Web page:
I was teaching Perl again this week, and as part of the class I usually end up doing some sort of live programming demonstration. I started doing that around the year 2000, and it is as dangerous now as it was then.

I figured that too many students thought that I wrote code by starting at the top of the file and typed until I got the end of the file. Some people may come up with the entire program in their heads and type it out, but I generally program an outline, then circle around each main part as I add new features. If I don't do that, I start with one piece then program from the inside out.

If I do this in front of a bunch of people by having my typing projected onto a large screen, everyone gets to see all the stupid mistakes and typos that I make. It's generally good that they get to see that so they realize that although I'm exuding confidence in just about everything I tell them, I'm also a regular guy who makes all the same mistakes everyone else does. An expert is simply someone who has made every mistake, after all.

This isn't a list of problems with Perl, complaints about Perl, pleas for help, or anything else that merits attention. It's just documentation of my sometimes stupidity. It's the little details that cause more problems then program flow or big design issues. Go figure.

s/// at the end of a map()
No matter how often I remind myself that s/// does not return the string, my fingers still type the code as if it does. What do I really get? A list of the return values of s///, which are either 1s or empty strings.
my @array = map { s/regex/replacement/ } @input;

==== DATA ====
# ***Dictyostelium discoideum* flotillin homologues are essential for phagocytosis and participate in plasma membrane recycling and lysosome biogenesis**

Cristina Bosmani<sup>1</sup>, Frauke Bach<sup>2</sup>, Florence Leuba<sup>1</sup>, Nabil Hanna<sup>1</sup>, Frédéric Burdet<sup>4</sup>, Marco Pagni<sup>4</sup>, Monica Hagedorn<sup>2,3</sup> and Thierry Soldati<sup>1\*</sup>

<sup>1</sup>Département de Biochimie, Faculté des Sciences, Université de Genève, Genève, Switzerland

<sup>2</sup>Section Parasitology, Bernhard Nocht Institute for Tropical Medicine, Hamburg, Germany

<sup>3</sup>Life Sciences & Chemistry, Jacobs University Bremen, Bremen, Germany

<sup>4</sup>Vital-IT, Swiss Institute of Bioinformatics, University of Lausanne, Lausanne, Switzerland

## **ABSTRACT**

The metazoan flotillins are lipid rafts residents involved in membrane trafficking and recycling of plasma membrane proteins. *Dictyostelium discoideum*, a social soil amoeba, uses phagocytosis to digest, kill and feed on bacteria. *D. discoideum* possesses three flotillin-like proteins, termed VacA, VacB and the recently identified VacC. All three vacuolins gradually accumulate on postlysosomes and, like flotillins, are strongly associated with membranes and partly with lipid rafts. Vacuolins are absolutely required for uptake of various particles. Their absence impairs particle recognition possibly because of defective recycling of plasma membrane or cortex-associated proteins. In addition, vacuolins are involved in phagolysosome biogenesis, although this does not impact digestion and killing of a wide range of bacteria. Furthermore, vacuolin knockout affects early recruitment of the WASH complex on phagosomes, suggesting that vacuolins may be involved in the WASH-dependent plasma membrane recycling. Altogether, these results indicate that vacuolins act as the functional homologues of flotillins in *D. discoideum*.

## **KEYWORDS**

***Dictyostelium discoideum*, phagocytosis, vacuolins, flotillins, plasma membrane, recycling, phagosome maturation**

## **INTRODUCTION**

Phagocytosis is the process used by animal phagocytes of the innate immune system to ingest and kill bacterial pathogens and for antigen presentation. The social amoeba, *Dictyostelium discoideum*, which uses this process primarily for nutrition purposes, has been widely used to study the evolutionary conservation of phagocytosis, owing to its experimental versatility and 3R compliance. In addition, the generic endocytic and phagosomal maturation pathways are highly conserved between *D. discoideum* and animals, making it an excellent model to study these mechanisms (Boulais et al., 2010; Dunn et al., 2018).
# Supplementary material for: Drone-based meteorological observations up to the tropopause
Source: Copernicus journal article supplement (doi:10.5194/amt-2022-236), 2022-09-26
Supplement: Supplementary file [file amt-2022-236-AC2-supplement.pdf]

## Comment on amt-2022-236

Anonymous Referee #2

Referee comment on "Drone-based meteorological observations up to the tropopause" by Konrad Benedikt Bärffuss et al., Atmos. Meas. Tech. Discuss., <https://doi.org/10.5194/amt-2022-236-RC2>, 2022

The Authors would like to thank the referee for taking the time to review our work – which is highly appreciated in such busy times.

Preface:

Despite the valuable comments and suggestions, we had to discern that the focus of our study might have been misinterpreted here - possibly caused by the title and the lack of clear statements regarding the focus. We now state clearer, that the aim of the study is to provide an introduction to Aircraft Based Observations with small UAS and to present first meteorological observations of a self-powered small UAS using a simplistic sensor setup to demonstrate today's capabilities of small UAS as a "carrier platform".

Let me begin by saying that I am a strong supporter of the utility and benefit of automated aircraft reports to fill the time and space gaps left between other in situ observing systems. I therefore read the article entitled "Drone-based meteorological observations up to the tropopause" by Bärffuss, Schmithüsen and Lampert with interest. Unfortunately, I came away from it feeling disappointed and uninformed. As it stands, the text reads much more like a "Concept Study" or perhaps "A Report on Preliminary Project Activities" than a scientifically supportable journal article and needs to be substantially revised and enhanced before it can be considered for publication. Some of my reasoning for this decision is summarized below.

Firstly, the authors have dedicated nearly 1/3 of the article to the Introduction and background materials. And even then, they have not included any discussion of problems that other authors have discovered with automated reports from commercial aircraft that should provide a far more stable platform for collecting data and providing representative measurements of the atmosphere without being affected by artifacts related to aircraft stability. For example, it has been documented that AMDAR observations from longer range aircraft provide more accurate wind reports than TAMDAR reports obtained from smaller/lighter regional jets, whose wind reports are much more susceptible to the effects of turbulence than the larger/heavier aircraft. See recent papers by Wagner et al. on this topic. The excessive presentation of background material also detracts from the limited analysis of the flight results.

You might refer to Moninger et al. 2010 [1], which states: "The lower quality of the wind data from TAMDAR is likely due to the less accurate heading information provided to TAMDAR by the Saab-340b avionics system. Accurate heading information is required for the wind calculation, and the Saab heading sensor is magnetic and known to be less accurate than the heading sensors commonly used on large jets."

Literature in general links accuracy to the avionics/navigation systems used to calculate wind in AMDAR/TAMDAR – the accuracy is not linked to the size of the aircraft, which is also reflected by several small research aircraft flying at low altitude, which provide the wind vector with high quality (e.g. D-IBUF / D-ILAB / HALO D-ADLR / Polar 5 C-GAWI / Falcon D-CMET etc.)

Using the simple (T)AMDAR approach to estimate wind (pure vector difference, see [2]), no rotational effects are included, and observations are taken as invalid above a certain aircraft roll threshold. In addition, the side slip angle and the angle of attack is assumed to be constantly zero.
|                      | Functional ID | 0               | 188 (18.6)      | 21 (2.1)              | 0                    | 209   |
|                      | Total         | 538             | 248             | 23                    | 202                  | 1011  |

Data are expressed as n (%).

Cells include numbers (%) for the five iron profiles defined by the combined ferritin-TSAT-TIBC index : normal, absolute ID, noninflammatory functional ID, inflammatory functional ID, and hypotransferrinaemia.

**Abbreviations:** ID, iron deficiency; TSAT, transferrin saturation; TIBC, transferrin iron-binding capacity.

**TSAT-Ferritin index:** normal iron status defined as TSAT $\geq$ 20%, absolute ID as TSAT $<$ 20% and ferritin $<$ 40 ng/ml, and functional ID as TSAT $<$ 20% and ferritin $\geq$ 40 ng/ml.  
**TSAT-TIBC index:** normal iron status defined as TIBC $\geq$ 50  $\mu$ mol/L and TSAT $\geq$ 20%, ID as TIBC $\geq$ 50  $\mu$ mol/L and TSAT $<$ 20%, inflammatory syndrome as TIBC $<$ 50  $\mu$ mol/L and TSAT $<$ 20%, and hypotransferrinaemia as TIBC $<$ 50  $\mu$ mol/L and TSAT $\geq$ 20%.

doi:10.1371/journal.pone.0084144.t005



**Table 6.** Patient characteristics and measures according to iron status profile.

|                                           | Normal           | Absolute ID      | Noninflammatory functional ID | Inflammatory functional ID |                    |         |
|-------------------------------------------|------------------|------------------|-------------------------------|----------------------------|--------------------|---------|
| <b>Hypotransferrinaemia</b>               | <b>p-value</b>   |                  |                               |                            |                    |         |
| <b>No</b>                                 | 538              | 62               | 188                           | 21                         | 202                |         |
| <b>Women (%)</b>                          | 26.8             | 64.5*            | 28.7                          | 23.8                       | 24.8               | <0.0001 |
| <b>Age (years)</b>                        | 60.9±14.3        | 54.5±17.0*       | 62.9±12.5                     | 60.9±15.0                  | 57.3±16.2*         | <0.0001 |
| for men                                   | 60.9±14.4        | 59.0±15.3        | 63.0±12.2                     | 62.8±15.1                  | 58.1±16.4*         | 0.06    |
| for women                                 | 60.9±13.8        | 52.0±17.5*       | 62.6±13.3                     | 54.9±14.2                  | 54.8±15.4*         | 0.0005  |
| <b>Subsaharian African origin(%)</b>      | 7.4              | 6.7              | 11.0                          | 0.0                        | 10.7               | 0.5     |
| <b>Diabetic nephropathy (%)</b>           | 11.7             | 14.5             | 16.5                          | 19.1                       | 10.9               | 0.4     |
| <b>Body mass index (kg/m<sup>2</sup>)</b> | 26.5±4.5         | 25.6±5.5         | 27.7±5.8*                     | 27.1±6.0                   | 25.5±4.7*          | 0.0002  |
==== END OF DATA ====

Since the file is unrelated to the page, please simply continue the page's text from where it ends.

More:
my %hash = { }; or my $hash = ( );
Once I got use to anonymous references, I started using them more than the named variables. If I have a data structure, I'm probably going to pass it around so I might as well start its life as a reference. A mistake that I've been making a lot this month is using the wrong constructor: the anonymous hash constructor when I want a named hash, and the list constructor when I want an anonymous hash. It's no one's fault but my own, really, but I still do it frequently, it seems.

print Dumper( $hash );
Can you see what's wrong with that? You'll find out quickly when you try to run that program: I didn't use Data::Dumper. Sometimes I wish that Perl was smart enough to figure that out and load the package for me. My favorite debugger is still print, and perl has to remind me to load Data::Dumper on the first go around for a new script.

( $year, $month, $day ) = ( localtime )[3,4,5];
No matter how many times I look it up, and how many times I use it, in moments of weakness I get it backwards. It's not that I think don't sync the left and right hand sides, but that I have it in my head that the year comes first. It's dumb that I think that because the size of the interval gets larger with higher indices.

my( $n, $m, $o ) = shift;
I start off with one variable and use shift to assign it a value, but then I need more variables, so I add them on the left-hand side, but I don't update the right-hand side. Sure it's dumb, but that doesn't mean that I don't do it.

brian d foy <>